SPEAKERS: Ames Dhai, Specialist Ethicist, South African Medical Research Council; Moderator: Sridhar Venkatapuram, Chair, Independent Resource Group for Global Health Justice


Get ready - a few days to go until the SDG Global Festival of Action! // 25-26.03.2021, organized by SDG Action Campaign
On March 25 and 26, thousands of inspiring changemakers, activists, UN and government representatives, private sector leaders, artists, creators and individuals will take the opportunity to share their vision on how we can #TurnItAround for people and planet.


Humanity, now more than ever, is facing global challenges (especially with regards to the Covid-19 crisis), putting people and the planet under stress and in great uncertainty. Simultaneously, the world is experiencing breakthroughs in science and technology at an unprecedented pace, which are sometimes hard to grasp. Anticipation, therefore, is key to build the future with the aim of early and fully exploiting this scientific potential for the well-being and inclusive development of all. The Geneva Science and Diplomacy Anticipator was founded in Geneva in 2019 to tackle this issue.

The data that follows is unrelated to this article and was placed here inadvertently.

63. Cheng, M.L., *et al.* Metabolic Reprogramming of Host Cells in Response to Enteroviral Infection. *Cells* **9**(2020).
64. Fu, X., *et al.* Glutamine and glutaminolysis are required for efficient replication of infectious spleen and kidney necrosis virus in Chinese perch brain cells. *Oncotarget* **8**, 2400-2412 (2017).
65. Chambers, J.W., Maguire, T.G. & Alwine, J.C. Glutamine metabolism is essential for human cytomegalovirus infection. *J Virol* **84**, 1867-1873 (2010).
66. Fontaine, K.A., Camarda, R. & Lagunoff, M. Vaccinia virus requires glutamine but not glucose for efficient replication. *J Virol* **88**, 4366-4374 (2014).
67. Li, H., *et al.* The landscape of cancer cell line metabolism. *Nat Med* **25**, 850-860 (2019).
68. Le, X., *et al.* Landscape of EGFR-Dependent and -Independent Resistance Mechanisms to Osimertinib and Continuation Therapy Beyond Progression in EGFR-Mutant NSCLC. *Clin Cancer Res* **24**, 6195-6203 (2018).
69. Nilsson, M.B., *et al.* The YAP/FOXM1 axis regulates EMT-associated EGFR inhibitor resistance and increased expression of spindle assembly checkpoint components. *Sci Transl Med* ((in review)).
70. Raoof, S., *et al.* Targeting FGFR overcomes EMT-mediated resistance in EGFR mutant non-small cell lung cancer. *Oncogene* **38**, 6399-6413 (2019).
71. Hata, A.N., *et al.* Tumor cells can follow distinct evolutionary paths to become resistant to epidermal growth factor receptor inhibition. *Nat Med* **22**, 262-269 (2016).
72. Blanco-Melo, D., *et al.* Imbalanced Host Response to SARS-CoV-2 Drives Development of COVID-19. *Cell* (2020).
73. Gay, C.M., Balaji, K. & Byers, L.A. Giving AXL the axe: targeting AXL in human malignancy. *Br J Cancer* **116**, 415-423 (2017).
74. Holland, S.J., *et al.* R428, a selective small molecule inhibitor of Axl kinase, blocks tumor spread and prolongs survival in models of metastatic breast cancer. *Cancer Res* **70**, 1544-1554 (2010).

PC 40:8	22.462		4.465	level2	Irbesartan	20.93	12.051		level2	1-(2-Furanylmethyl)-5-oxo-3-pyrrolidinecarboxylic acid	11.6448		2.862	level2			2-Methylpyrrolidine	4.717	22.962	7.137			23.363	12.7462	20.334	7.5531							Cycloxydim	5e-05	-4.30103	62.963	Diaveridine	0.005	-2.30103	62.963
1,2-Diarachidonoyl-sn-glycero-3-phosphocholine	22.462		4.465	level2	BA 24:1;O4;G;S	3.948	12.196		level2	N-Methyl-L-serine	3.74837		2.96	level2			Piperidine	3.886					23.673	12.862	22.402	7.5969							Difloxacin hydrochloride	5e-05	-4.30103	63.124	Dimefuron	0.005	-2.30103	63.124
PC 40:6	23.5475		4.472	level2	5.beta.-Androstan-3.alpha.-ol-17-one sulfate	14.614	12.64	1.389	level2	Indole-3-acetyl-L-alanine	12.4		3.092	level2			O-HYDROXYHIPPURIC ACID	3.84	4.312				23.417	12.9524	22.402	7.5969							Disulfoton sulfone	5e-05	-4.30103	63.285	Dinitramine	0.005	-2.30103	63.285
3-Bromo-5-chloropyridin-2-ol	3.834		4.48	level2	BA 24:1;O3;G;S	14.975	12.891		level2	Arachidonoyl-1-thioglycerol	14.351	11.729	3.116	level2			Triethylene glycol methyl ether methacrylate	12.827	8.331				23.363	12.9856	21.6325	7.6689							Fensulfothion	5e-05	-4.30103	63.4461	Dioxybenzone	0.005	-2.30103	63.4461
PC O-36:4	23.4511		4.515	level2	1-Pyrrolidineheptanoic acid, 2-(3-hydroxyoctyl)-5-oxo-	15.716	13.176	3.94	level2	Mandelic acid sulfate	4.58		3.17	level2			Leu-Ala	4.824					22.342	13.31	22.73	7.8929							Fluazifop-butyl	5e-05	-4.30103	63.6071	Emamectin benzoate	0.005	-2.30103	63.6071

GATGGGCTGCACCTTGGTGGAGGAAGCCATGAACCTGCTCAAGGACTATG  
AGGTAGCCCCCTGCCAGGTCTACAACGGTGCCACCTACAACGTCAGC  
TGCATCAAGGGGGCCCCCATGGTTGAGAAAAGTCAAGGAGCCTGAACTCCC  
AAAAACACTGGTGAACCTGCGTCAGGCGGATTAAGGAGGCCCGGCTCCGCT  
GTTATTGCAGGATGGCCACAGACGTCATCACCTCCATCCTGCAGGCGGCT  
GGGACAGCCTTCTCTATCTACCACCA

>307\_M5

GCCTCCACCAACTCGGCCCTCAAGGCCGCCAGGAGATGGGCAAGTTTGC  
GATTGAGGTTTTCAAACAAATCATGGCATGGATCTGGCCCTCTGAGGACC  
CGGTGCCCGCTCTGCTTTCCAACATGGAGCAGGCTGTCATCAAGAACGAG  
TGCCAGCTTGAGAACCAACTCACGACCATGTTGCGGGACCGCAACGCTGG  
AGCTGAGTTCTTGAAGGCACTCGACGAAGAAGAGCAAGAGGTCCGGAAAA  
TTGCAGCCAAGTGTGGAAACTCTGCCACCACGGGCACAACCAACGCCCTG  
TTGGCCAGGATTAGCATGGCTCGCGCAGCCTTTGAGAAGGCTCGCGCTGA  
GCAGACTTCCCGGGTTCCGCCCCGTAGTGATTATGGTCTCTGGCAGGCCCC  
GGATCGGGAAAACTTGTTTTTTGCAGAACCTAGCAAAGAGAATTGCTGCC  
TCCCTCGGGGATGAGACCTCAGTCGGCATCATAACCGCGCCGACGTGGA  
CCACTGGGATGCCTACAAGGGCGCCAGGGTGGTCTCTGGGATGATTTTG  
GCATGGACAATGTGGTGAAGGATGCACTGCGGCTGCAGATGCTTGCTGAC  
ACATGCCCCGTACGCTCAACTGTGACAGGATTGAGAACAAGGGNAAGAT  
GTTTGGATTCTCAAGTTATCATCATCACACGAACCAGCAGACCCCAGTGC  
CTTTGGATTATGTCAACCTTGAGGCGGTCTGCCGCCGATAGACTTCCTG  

GESDA's ambition is to first anticipate and identify these cutting-edge advances in science and technology throughout various domains (Quantum revolution & advanced AI, Human augmentation, Ecoregeneration and Geoengineering, Science and Diplomacy). Based on this scientific outlook, it will, with its Diplomacy community, translate potential leaps in science and tech into tools that can bring effective and socially-inclusive solutions to emerging challenges. Most importantly, this process will be achieved not only by scientists or diplomats, but will include actors of various professional origins and mindsets (from philanthropy, industry, citizens, to youth).

Forward Forward
Have a very nice and fruitful week! :-)
Copyright ©  2020, All rights reserved for the selection. All rights reserved by the respective media for articles reproduction.
Selection of an article in this press review doesn't mean endorsement by GESDA.

Mailing address: